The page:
# But always look at the normalized covariance matrix

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But always look at the normalized covariance matrix. Suppose one pair of off-diagonal elements departs significantly from zero. Then their corresponding functions are far from being orthogonal and the variances of the derived coefficients will suffer as a result. You might be able to eliminate one of the parameters to make the fit more robust. For example, suppose one function is t cos( t ) and the other is sin( t ) cos( t ). If the range of t is small, these two functions are indistinguishable and have a large covariance; you should eliminate one from the fit. If the range of t is large, there is no problem. For further discussion of covariance, see § 9. Also, you might also want to try out another example in Taylor’s § 8.5.

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– 18 – 6. REJECTING BAD DATAPOINTS I.: CHAUVENET’S CRITERION Least-squares fitting is derived from the maximum likelihood argument assuming the datapoint residuals δy m have a Gaussian pdf. This means that the errors are distributed as p ( δy ; σ ) = 1 2 πσ e - parenleftbigg δy 2 2 σ 2 parenrightbigg , (6.1) where σ 2 is the true variance of the datapoints, i.e. s 2 in equation 3.1 (to be precise, s 2 needs to be averaged over many experiments). More importantly, the probability of finding datapoints inside the limits ± Δ y is P ( | δy | < Δ y ) = integraldisplay y - Δ y p ( δy ; σ ) d ( δy ) = erf parenleftbigg Δ y 2 σ parenrightbigg , (6.2) where we use the commonly-defined error function erf( X ) = 1 π integraltext + X - X e - x 2 dx . A particularly im- portant value is for Δ y = σ , for which P ( | δy | ) = 0 . 683 . (6.3) If we have an experiment with M datapoints, then the number of datapoints we expect to lie outside the interval ± Δ y is M ( outside Δ y ) = M bracketleftbigg 1 erf parenleftbigg Δ y 2 σ parenrightbiggbracketrightbigg . (6.4) Chauvenet’s criterion simply says: 1. Find Δ y such that M ( outside Δ y ) = 0 . 5. This is given by Δ y σ = 2 erf - 1 parenleftbigg 1 1 2 M parenrightbigg . (6.5) This criterion leads to the numbers in the associated table, which is a moderately interesting set of numbers. Many astronomers adopt 3 σ , which is clearly inappropriate for large N ! 2. Discard all datapoints outside this range. We offer the following important Comments :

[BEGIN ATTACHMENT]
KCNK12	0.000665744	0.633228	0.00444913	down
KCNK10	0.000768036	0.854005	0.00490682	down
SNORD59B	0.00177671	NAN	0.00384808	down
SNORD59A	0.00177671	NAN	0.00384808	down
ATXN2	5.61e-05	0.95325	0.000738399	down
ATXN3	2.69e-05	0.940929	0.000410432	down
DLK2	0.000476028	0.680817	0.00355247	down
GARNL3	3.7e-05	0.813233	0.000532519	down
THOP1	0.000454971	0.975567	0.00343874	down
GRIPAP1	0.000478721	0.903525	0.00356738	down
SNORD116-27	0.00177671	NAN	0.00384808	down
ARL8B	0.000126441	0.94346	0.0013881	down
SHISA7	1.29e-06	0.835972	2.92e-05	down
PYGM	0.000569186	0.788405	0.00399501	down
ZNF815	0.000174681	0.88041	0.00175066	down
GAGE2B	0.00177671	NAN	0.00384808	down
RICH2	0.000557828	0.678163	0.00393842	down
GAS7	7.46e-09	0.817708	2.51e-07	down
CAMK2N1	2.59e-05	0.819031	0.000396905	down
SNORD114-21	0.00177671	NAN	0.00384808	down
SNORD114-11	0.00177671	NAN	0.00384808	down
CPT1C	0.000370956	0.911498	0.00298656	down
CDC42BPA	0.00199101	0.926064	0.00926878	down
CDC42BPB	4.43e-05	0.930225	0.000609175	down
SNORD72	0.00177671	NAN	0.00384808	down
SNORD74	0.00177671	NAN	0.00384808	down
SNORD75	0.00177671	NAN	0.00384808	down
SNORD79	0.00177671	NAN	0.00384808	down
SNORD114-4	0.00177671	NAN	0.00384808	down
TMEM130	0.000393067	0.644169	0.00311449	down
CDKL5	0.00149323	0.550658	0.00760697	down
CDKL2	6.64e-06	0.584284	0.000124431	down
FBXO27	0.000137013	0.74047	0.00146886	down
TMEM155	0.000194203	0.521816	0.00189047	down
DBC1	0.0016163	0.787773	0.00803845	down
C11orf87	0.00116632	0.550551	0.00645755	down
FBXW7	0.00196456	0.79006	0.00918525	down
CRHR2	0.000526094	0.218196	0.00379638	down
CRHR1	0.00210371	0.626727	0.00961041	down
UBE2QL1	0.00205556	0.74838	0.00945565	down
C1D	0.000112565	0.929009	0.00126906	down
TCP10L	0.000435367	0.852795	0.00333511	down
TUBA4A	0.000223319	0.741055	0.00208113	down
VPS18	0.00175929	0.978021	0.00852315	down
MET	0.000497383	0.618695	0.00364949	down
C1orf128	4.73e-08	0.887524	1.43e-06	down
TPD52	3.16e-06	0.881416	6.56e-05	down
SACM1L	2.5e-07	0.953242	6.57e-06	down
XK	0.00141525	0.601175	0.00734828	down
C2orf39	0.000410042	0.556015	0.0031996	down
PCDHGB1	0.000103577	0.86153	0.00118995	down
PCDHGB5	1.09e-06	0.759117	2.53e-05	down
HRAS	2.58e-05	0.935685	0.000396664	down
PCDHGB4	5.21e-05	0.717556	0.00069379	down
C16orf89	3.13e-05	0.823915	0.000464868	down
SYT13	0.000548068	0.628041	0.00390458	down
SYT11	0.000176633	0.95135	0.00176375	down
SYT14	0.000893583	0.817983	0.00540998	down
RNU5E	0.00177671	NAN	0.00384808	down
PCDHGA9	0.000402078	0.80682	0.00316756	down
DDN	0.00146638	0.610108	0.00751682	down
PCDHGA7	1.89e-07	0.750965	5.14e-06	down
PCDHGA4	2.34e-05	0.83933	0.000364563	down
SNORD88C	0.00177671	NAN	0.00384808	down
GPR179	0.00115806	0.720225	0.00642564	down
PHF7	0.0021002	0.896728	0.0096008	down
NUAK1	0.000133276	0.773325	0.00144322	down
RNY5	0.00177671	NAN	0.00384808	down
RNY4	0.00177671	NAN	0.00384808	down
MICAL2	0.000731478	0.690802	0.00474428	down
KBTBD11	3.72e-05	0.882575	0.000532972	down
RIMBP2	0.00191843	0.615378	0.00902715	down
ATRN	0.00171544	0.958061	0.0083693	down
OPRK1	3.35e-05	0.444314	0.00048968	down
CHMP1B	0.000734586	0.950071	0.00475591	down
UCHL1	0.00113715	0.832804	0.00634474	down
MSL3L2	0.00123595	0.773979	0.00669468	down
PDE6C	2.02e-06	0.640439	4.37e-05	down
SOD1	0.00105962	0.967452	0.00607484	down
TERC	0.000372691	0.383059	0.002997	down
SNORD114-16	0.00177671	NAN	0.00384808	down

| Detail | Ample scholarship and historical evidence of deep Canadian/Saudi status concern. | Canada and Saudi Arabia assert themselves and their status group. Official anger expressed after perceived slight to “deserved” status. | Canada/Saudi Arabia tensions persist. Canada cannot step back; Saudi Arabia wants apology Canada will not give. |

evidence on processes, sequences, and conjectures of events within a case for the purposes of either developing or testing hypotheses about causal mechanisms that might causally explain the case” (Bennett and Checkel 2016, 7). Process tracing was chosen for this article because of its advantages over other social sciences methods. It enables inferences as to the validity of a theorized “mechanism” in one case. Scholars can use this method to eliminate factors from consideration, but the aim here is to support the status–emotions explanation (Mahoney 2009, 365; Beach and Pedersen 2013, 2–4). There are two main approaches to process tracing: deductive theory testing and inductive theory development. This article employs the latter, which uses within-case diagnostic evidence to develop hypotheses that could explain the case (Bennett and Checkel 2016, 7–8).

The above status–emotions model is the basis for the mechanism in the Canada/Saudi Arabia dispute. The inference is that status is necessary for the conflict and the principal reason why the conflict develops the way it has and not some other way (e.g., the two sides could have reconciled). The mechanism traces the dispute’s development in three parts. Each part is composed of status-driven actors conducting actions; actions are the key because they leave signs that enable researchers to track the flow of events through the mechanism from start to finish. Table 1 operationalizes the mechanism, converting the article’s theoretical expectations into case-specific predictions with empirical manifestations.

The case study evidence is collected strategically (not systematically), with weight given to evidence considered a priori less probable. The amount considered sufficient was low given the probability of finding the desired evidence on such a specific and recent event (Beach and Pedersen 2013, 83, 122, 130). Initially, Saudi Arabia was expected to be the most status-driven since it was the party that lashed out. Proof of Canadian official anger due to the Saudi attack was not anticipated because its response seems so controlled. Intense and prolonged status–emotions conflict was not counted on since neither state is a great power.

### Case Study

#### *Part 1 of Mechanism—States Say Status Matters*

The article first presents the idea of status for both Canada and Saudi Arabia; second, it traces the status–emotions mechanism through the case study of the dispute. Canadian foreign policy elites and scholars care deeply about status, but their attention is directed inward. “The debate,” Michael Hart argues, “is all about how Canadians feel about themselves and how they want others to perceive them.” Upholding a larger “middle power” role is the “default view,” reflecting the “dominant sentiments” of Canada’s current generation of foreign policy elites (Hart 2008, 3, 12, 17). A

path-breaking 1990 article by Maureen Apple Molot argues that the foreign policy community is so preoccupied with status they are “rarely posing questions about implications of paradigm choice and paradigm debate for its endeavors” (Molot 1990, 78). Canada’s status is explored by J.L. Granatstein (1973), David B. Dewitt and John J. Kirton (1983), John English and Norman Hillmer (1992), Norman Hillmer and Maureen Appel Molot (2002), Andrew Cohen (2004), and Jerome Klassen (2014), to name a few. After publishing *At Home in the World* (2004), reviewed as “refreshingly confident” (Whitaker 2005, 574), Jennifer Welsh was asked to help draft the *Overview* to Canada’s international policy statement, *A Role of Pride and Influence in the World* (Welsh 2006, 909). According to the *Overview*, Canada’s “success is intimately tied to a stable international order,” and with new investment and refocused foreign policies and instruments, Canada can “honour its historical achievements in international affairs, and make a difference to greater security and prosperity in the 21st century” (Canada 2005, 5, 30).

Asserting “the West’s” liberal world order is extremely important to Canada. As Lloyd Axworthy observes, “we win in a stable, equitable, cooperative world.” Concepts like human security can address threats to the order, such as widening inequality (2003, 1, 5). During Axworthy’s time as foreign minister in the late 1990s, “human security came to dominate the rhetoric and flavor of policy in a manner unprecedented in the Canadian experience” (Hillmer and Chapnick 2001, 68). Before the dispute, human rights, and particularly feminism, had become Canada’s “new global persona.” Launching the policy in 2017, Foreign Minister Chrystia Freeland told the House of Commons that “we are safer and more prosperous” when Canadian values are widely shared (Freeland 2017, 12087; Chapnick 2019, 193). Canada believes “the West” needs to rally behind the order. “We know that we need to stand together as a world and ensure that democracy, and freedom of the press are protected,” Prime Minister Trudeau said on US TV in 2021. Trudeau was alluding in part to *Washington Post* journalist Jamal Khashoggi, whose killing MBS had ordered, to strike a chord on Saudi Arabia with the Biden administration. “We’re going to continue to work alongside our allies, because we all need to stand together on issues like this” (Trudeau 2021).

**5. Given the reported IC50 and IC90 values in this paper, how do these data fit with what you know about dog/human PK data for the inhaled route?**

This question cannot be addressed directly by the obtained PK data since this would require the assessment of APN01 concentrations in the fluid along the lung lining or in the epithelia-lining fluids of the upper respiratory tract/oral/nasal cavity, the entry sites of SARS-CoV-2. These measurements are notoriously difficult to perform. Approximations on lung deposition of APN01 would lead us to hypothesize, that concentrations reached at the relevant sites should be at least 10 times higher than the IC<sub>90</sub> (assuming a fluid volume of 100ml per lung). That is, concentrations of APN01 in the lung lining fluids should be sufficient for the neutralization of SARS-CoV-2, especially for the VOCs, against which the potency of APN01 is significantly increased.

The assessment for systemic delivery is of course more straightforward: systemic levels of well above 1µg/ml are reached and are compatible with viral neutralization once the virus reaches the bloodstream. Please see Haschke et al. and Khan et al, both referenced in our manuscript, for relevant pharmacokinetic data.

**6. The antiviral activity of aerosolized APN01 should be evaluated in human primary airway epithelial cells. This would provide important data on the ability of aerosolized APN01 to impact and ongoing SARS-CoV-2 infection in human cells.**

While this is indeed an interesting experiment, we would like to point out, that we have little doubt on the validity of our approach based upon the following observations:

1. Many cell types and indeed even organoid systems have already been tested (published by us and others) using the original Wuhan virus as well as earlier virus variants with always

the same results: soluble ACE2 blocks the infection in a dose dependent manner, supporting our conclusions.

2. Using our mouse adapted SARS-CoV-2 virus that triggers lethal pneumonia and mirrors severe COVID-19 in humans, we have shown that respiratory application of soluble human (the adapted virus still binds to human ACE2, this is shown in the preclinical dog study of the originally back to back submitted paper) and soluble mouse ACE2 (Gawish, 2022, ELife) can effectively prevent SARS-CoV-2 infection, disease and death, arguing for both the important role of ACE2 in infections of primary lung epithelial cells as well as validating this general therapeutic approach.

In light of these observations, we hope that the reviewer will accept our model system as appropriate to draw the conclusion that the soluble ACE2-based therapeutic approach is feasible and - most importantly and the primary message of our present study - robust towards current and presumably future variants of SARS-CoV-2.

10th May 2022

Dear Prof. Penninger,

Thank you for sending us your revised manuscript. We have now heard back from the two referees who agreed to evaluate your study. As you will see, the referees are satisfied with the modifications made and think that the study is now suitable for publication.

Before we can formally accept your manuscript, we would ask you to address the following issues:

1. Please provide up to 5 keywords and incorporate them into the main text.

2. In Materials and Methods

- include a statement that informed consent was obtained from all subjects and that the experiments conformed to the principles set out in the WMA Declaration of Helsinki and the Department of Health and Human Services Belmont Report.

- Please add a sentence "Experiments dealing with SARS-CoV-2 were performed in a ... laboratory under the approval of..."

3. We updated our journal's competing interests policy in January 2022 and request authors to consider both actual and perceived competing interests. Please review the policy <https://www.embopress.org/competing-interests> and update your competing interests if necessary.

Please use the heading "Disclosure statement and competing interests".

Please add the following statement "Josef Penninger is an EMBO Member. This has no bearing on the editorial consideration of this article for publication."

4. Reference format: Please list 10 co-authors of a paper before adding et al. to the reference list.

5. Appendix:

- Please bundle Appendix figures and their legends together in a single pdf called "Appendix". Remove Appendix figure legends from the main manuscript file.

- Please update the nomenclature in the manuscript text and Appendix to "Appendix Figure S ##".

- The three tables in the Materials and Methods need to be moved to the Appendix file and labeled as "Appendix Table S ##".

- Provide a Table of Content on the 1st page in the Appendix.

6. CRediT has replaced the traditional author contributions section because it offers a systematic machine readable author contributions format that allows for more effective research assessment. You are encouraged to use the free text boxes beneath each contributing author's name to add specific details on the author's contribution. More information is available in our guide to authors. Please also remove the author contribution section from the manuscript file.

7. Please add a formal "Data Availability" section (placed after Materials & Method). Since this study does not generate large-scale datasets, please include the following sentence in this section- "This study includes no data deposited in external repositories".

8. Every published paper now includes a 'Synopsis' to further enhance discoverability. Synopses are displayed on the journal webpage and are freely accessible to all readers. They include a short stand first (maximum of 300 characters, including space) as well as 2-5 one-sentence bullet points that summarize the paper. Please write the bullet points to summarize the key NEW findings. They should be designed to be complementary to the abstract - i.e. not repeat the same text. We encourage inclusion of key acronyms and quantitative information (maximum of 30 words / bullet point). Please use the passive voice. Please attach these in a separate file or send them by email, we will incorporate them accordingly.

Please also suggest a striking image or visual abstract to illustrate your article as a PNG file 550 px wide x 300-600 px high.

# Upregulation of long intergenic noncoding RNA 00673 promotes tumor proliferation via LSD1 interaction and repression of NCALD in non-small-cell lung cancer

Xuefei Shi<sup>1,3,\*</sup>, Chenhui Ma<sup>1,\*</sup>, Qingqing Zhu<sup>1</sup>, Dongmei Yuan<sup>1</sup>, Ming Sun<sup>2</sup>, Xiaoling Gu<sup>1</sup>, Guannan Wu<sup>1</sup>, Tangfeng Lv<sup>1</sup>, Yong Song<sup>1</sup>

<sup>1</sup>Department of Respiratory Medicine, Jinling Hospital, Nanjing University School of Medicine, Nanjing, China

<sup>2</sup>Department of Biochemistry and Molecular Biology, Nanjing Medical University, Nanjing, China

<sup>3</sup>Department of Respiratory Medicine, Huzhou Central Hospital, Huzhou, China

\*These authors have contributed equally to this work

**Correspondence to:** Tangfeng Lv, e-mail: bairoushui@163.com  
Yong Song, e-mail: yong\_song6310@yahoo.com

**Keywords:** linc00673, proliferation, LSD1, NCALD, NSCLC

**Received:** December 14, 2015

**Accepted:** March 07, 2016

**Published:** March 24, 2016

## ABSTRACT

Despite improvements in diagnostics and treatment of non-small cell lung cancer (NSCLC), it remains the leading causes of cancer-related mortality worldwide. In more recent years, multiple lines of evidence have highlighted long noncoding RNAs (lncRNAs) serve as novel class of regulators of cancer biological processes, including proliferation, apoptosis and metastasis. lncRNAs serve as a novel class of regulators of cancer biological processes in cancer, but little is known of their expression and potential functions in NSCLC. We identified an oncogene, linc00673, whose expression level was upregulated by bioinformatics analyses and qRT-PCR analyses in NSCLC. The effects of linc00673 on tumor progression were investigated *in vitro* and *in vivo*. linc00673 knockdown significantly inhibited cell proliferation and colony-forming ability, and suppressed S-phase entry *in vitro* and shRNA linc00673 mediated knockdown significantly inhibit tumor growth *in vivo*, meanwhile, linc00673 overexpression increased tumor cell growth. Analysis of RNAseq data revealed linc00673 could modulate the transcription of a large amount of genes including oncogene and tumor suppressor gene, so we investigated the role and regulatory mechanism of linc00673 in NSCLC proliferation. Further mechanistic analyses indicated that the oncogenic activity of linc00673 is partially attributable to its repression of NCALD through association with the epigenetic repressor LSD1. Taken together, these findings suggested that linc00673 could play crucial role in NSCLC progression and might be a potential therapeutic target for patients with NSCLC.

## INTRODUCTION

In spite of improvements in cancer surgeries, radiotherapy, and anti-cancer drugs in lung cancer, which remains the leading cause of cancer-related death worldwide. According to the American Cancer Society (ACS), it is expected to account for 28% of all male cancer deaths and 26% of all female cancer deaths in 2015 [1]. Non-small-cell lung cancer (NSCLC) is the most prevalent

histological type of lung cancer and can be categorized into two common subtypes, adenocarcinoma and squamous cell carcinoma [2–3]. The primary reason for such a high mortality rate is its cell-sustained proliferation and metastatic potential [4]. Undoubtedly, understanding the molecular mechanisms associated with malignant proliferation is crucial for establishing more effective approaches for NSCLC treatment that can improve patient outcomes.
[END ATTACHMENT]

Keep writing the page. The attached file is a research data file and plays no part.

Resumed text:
– 19 – Chauvenet’s criterion versus M M Δ y σ 100 2.81 1000 3.48 10 4 4.06 10 5 4.56 This assumes data are Gaussian-distributed. In real life this doesn’t often happen because of “glitches”. Examples of glitches can be interference in radio astronomy, meteors in optical astronomy, and cosmic rays on CCD chips. These glitches produce bad points that depart from Gaussian statistics. They are often called outliers . It is very important to get rid of the outliers because the least-squares process minimizes the squares of the residuals. Outliers, being the points with the largest residuals, have a disproportionately evil effect on the result.

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